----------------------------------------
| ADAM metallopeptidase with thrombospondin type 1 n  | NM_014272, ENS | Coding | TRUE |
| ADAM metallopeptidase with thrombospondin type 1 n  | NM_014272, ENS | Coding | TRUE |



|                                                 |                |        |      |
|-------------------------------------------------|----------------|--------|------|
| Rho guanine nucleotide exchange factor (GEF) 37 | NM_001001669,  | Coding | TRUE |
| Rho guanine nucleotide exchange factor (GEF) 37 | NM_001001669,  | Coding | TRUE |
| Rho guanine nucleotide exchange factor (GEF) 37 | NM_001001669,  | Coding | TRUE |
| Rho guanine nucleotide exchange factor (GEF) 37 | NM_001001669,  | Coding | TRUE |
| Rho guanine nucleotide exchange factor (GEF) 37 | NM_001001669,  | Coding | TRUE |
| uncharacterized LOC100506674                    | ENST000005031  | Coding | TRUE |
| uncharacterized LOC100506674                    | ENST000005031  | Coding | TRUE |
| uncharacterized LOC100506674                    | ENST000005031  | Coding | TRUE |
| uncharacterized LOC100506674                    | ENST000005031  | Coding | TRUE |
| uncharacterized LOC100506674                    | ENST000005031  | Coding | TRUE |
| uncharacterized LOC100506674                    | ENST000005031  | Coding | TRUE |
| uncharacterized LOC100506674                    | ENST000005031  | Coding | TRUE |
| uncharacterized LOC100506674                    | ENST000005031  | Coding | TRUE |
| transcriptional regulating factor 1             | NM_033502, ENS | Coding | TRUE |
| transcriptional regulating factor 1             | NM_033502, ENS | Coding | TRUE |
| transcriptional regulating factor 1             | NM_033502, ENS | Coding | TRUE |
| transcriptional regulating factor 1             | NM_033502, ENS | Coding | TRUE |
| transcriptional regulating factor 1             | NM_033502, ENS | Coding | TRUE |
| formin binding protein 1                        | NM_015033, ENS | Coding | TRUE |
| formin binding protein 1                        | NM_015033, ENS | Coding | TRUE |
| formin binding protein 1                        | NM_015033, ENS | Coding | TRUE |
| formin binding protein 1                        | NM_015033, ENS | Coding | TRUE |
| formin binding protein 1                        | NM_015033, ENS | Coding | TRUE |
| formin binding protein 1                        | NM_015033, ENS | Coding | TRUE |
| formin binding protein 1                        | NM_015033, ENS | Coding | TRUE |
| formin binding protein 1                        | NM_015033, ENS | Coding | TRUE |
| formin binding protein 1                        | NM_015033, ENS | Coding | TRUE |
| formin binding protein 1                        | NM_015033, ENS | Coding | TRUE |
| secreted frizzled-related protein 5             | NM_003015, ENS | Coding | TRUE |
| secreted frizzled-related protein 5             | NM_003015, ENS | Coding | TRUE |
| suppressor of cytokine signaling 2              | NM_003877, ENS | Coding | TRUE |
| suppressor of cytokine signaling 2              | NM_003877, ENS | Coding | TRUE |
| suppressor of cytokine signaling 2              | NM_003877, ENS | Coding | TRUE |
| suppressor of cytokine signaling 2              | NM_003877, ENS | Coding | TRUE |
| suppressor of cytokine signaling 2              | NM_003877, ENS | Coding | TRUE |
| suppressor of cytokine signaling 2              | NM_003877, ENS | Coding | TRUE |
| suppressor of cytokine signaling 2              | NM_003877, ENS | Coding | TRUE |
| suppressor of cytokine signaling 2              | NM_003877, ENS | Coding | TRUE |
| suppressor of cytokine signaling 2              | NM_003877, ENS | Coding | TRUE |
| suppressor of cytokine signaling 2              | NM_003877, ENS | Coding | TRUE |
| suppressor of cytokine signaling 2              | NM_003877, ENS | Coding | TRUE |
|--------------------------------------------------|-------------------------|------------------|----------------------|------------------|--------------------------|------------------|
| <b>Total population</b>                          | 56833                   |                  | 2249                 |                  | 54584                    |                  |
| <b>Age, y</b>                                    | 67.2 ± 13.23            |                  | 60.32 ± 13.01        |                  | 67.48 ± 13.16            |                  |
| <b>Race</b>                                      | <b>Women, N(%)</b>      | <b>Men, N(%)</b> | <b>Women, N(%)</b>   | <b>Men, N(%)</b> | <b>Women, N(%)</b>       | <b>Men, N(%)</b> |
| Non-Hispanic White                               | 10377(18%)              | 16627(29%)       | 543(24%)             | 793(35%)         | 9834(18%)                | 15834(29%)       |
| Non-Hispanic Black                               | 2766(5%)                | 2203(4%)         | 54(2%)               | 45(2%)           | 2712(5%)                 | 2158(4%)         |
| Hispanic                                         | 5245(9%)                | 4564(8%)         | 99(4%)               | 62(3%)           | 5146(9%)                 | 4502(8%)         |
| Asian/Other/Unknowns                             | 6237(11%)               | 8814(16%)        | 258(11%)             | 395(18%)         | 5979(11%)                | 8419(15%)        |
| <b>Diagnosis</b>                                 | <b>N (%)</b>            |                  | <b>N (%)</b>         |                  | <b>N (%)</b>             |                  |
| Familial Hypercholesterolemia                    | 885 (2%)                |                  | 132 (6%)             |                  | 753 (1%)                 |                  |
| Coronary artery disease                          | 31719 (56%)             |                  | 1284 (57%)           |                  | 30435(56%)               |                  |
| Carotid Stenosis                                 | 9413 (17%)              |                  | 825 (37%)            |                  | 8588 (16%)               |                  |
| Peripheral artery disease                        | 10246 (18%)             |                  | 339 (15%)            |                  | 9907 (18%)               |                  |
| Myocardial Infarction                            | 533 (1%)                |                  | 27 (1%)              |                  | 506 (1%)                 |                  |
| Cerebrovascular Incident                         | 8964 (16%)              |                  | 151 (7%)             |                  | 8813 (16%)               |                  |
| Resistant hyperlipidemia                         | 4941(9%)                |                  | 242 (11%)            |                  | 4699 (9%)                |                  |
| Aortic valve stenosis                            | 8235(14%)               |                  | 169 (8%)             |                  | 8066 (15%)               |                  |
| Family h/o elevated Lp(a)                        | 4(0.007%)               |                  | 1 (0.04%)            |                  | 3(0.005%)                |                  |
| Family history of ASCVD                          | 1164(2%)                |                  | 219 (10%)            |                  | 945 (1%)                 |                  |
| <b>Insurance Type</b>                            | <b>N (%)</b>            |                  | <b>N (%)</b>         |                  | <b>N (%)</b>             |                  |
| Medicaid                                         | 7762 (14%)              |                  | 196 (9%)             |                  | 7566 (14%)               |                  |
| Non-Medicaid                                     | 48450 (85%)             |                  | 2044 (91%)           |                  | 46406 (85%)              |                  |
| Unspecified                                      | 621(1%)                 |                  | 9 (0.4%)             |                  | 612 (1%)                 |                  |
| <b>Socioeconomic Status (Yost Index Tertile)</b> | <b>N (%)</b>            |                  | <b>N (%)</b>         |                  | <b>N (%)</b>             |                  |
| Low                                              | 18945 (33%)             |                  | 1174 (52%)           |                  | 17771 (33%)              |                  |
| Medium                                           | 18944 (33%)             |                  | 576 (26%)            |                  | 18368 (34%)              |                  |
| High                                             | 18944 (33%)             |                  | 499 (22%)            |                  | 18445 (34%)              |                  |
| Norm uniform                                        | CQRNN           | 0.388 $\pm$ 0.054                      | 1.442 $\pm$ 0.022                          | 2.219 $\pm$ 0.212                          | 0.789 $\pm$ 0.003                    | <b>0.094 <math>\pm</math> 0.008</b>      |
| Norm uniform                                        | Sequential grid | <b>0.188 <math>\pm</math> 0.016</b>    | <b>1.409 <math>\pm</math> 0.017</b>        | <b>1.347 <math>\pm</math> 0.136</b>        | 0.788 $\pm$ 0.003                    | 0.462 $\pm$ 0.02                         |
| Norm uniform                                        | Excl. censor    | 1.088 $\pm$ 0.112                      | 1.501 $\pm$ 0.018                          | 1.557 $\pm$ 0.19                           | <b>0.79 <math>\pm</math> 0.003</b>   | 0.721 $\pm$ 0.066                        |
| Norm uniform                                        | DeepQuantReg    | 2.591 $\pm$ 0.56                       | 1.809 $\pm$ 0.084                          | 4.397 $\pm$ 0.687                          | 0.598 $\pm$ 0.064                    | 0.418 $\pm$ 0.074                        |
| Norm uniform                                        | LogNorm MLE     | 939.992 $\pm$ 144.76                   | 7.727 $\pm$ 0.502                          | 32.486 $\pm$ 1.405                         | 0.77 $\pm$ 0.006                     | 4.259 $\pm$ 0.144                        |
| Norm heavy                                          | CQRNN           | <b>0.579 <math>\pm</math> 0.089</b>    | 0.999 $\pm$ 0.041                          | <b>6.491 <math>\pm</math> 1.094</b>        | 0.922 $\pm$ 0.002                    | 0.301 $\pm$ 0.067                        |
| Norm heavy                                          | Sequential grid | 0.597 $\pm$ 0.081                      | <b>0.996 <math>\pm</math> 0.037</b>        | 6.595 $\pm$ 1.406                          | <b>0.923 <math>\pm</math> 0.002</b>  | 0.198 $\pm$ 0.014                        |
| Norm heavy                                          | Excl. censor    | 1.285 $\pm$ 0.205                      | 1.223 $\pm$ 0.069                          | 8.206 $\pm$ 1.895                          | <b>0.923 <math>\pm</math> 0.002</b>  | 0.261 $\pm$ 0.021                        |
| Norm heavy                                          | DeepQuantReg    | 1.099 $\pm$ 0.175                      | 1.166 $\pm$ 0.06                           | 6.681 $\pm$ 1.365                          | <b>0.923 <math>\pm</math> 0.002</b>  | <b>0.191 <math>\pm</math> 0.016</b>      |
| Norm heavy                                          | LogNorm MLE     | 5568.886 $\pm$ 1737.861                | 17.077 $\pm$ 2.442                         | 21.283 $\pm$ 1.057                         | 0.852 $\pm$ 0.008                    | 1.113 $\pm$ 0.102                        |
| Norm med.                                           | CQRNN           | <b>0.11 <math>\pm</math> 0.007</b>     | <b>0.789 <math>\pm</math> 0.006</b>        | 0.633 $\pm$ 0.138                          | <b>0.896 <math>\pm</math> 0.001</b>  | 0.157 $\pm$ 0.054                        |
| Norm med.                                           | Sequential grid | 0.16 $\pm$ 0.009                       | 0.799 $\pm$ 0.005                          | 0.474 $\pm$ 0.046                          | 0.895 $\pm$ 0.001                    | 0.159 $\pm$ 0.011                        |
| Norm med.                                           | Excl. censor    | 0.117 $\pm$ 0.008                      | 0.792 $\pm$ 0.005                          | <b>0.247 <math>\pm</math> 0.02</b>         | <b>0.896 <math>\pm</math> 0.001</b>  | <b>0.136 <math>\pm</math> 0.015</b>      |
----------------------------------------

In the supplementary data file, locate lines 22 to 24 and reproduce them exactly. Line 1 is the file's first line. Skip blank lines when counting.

| transcriptional regulating factor 1             | NM_033502, ENS | Coding | TRUE |
| formin binding protein 1                        | NM_015033, ENS | Coding | TRUE |
| formin binding protein 1                        | NM_015033, ENS | Coding | TRUE |